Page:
- Weal Development proposes a $65 million, eight-story, 252-unit apartment complex at South St. Mary’s Street and East Nueva Street. Half of the units in the St. John Square project will be for families earning 50 percent of AMI;
- Vesta Corp. is seeking to acquire three existing low-income housing projects in the South and Southwest sides;
COURTESY / SAHA
A rendering of St. Mary’s Tower at 126 Villita St.
COURTESY / MARK ODOM STUDIO
A street view rendering of St. John’s Square
SAHA also is pursuing $20 million in bonds to develop Charity at Springview Apartments. Charity, a working title, is a 250-unit project on the East Side.
Alcott and Nisivoccia said they were confident that almost all – if not all – projects initiated Thursday would come to fruition.
SAHA Commissioner Sofia Lopez cast the lone vote against the deals related to St. Mary’s Towers and Culebra Commons.
In the case of Culebra, Lopez said 80 percent of AMI isn’t affordable enough for many San Antonians. In both cases, Lopez said she wanted more details about the cost-benefit analysis and how such projects fit into the broader picture of housing stock in San Antonio.
She wants to make sure “we really are getting the best bang for our buck,” Lopez said.
Board Chair Jessica Weaver agreed that the board needs a kind of “retreat” in which staff provides an overview of SAHA’s strategies.
“Staff stands ready to have that retreat at any time,” Nisivoccia said.Related: SAHA Gets Tax Credit to Build Mixed-Income Alazán Lofts
Several residents spoke out about Alazán Lofts, a SAHA-NRP Group project that recently received a competitive 9 percent tax credit from the Texas Department of Housing and Community Affairs. Forty-eight of the 88 units will be public housing, eight will be market-rate apartments, and the rest will be allocated for renters making 60 percent of AMI.
To build the four-story complex, however, requires a change in zoning. The area community plan calls for two-story homes there. City Council is slated to consider the zoning change Aug. 22. The Zoning Commission recommended approval this month.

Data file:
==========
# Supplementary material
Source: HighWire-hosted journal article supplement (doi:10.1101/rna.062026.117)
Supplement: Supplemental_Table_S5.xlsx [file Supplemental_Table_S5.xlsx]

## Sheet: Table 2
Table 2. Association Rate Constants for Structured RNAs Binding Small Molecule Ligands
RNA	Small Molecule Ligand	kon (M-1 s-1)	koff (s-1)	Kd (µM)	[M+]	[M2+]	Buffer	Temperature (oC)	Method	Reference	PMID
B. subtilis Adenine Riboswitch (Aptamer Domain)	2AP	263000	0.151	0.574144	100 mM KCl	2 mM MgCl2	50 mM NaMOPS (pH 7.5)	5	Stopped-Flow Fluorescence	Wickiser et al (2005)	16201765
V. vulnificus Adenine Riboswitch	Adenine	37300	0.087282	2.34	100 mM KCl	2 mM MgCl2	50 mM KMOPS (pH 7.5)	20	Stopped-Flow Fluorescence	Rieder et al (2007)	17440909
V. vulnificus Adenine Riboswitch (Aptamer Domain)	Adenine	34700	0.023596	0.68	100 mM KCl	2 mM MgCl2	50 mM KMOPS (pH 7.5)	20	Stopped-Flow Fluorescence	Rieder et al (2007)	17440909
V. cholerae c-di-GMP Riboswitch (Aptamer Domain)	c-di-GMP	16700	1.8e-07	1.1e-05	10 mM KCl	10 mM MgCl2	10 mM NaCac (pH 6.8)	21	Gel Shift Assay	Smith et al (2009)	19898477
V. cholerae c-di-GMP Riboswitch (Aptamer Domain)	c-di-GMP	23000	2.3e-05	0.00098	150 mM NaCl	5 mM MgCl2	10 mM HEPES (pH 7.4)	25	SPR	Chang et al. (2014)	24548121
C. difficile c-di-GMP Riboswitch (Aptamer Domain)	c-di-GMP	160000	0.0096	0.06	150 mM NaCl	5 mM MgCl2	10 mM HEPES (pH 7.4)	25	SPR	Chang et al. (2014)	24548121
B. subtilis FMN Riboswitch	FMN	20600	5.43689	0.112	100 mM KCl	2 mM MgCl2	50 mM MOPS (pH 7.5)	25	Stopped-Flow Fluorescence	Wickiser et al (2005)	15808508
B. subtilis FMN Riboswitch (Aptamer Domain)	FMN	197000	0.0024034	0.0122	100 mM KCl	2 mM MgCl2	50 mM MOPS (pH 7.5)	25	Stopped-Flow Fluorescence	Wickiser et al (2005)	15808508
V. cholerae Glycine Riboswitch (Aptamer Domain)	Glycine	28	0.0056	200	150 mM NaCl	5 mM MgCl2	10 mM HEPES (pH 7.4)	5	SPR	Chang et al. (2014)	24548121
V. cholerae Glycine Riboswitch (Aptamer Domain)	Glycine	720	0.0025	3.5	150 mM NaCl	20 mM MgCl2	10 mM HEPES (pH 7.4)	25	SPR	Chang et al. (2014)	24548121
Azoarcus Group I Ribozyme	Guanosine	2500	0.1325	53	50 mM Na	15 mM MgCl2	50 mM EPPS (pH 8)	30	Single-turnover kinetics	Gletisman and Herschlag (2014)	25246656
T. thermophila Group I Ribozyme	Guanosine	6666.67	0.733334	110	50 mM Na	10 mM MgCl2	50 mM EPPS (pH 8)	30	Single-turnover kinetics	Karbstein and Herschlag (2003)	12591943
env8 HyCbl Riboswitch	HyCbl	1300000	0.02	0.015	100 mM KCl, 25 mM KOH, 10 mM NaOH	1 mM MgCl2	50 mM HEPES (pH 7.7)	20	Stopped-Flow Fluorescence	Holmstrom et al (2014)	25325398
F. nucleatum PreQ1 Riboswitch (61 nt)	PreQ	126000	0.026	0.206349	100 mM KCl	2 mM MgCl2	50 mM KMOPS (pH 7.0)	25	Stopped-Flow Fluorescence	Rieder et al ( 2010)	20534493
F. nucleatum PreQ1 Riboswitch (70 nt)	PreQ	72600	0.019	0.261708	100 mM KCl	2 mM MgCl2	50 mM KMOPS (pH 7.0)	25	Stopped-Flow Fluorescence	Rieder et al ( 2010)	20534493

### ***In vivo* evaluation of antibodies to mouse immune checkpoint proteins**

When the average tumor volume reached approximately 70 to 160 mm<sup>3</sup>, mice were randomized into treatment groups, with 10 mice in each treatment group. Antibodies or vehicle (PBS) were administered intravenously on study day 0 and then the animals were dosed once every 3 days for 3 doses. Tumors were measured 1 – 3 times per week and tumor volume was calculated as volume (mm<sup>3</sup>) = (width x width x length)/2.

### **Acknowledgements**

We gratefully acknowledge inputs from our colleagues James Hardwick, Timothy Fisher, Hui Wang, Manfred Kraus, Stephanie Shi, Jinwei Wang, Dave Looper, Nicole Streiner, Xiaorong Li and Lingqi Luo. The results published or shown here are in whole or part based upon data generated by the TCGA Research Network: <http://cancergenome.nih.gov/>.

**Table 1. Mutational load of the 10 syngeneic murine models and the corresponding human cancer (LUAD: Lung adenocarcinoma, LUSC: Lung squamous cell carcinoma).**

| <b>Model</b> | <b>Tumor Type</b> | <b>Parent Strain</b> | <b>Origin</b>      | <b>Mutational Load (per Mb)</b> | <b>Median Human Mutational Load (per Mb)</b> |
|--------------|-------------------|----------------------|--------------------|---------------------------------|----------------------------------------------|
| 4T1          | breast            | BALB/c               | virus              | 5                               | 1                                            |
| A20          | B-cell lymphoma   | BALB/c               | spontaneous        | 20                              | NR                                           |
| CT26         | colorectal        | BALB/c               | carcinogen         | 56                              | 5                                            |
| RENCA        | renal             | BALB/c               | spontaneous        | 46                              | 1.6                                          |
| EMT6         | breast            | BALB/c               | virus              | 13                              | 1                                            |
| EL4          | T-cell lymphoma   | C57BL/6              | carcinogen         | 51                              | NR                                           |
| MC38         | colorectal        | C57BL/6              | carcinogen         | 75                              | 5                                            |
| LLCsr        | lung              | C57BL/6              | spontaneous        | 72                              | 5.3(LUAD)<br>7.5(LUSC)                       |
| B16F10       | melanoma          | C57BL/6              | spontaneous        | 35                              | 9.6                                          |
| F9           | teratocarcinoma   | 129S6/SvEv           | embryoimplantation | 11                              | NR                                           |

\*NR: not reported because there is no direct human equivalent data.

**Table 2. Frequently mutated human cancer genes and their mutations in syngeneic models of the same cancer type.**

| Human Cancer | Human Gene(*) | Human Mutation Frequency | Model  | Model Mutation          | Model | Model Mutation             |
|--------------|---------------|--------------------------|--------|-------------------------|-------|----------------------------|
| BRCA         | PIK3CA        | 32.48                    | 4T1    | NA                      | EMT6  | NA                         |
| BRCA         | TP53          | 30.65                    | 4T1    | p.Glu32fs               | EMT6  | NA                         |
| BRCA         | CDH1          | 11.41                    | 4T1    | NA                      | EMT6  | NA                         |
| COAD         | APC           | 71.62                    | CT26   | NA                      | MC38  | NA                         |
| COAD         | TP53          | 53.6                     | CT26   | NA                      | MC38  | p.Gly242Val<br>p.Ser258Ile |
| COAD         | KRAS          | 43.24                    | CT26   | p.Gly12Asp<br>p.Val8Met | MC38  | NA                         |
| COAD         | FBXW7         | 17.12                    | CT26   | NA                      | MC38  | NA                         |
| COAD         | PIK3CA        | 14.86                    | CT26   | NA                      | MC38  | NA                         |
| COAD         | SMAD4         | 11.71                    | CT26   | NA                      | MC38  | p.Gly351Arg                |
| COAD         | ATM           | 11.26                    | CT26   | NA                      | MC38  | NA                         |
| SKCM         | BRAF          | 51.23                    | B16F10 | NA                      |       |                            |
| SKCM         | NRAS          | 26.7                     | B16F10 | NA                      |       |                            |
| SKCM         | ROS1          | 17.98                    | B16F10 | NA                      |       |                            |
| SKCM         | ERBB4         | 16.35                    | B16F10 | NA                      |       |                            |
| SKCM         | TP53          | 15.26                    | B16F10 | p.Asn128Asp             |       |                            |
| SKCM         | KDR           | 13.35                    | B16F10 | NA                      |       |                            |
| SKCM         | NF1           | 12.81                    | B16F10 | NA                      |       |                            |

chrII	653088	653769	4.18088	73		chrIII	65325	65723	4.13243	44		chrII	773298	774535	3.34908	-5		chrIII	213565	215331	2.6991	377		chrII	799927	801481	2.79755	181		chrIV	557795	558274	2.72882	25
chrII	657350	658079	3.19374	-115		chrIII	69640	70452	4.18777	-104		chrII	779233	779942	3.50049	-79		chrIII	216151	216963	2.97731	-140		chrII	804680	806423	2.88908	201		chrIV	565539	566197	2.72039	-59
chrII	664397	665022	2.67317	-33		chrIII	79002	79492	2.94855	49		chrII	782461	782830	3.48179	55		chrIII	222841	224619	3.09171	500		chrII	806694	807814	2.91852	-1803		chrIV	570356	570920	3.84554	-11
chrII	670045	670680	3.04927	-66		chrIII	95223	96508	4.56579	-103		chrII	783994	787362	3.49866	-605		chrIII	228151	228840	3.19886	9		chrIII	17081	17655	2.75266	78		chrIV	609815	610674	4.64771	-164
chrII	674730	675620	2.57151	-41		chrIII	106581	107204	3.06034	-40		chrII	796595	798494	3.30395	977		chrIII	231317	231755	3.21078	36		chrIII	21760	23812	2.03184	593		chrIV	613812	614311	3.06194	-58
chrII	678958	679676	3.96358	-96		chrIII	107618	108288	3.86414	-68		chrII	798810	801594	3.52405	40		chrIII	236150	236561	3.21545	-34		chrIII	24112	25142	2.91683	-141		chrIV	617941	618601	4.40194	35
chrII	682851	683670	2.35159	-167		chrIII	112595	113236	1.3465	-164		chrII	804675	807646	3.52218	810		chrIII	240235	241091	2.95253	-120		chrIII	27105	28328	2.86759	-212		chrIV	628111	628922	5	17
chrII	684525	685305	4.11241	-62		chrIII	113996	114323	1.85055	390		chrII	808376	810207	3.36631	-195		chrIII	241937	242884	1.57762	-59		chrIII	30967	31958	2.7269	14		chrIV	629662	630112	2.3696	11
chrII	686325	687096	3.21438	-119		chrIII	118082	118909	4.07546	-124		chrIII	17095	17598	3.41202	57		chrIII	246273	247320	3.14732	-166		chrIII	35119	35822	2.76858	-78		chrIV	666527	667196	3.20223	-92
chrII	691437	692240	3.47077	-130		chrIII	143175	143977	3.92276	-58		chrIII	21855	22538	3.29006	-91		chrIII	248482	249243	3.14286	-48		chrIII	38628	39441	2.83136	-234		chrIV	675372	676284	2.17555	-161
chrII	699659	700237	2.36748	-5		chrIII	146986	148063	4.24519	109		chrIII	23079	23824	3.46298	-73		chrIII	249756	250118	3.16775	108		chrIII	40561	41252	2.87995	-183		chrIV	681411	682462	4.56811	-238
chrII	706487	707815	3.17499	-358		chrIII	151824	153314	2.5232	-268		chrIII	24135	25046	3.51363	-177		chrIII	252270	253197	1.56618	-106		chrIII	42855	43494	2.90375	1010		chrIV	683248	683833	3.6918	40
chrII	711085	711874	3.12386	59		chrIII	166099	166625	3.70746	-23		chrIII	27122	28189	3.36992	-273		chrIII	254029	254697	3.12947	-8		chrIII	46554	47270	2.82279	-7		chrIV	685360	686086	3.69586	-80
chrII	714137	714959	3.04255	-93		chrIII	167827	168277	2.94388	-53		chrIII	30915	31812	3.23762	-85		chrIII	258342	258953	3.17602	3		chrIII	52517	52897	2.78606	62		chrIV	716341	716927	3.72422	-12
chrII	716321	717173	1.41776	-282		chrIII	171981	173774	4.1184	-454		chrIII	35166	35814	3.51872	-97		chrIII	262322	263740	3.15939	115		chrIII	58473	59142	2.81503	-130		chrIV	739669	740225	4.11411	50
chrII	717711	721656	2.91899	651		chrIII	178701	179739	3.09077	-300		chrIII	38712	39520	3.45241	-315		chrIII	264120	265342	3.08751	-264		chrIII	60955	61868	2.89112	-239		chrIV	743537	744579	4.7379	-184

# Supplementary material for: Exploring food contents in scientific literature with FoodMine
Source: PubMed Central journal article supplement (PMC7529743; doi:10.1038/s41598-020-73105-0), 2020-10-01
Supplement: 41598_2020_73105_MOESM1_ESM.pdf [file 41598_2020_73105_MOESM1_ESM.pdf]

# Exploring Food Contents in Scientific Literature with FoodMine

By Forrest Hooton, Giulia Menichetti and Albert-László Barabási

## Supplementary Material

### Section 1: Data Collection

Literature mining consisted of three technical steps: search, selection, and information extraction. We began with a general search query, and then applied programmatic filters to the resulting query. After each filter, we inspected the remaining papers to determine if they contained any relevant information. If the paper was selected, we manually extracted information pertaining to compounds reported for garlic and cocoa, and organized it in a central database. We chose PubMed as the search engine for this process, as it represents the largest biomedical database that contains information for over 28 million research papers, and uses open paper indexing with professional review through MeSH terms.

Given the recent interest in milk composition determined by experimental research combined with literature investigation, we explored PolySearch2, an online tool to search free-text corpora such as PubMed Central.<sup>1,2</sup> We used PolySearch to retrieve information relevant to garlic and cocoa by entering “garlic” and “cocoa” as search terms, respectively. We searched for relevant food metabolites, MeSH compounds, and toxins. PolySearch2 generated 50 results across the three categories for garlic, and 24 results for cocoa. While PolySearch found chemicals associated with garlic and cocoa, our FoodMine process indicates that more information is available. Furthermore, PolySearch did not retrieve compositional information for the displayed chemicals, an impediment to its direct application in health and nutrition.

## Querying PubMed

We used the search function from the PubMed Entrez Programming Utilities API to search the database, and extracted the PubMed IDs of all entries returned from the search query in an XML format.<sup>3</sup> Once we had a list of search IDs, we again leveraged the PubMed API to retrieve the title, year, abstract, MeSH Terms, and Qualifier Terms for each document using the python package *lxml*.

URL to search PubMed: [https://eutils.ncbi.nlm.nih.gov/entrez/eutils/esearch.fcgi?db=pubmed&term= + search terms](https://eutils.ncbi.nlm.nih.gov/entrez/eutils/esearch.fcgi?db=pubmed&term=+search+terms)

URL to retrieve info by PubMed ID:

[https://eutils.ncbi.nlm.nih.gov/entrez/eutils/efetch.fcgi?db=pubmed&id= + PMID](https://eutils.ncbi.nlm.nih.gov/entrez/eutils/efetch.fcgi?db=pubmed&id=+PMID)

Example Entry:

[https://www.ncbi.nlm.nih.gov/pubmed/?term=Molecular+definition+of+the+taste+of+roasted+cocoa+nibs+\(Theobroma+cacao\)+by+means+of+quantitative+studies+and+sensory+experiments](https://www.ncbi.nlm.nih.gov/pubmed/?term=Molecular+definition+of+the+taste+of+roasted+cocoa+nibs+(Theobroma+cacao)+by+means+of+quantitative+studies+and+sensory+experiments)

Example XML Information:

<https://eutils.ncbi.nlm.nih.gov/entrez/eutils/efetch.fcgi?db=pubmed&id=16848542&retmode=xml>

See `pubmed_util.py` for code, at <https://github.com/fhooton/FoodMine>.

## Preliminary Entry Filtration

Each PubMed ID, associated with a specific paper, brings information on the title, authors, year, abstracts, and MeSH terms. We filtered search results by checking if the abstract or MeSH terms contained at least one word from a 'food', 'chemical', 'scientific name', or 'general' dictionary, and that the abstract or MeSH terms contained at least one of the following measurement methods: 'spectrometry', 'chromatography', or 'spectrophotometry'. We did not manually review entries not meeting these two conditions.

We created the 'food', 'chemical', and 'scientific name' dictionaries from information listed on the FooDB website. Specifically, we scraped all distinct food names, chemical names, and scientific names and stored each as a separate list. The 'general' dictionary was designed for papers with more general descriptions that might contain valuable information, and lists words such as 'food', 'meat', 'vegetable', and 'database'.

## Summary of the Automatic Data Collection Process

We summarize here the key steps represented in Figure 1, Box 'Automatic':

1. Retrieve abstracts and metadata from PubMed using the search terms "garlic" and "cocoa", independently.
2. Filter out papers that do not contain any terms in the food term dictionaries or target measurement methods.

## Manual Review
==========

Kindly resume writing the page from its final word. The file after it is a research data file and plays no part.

“It’s not OK to dismiss community members,” Yaneth Flores, a West Side community organizer with the Esperanza Peace and Justice Center, said during the public comment period of the meeting.
STEPHANIE MARQUEZ / RIVARD REPORT
Future site of the Alazán Lofts, across from Alazán Courts.
Alazán Lofts is a separate project from Alazán Courts. The latter is a proposal to demolish the oldest public housing project in the United States and build a more modern facility with 328 units.
“Demolition of this development would be disastrous for this community,” Flores said, because it would separate residents from their support network.
Those residents would have first dibs on temporary units elsewhere while construction proceeds at Alazán Courts, Nisivoccia said after the meeting, and have the option of moving back once completed.
The proposal would allow SAHA to update the facility and provide more of the “deep-dive” subsidies for those making less than half of AMI, he said. “That’s how I want to honor the past, is to provide people presently the opportunity to see a good life for themselves and most importantly their children.”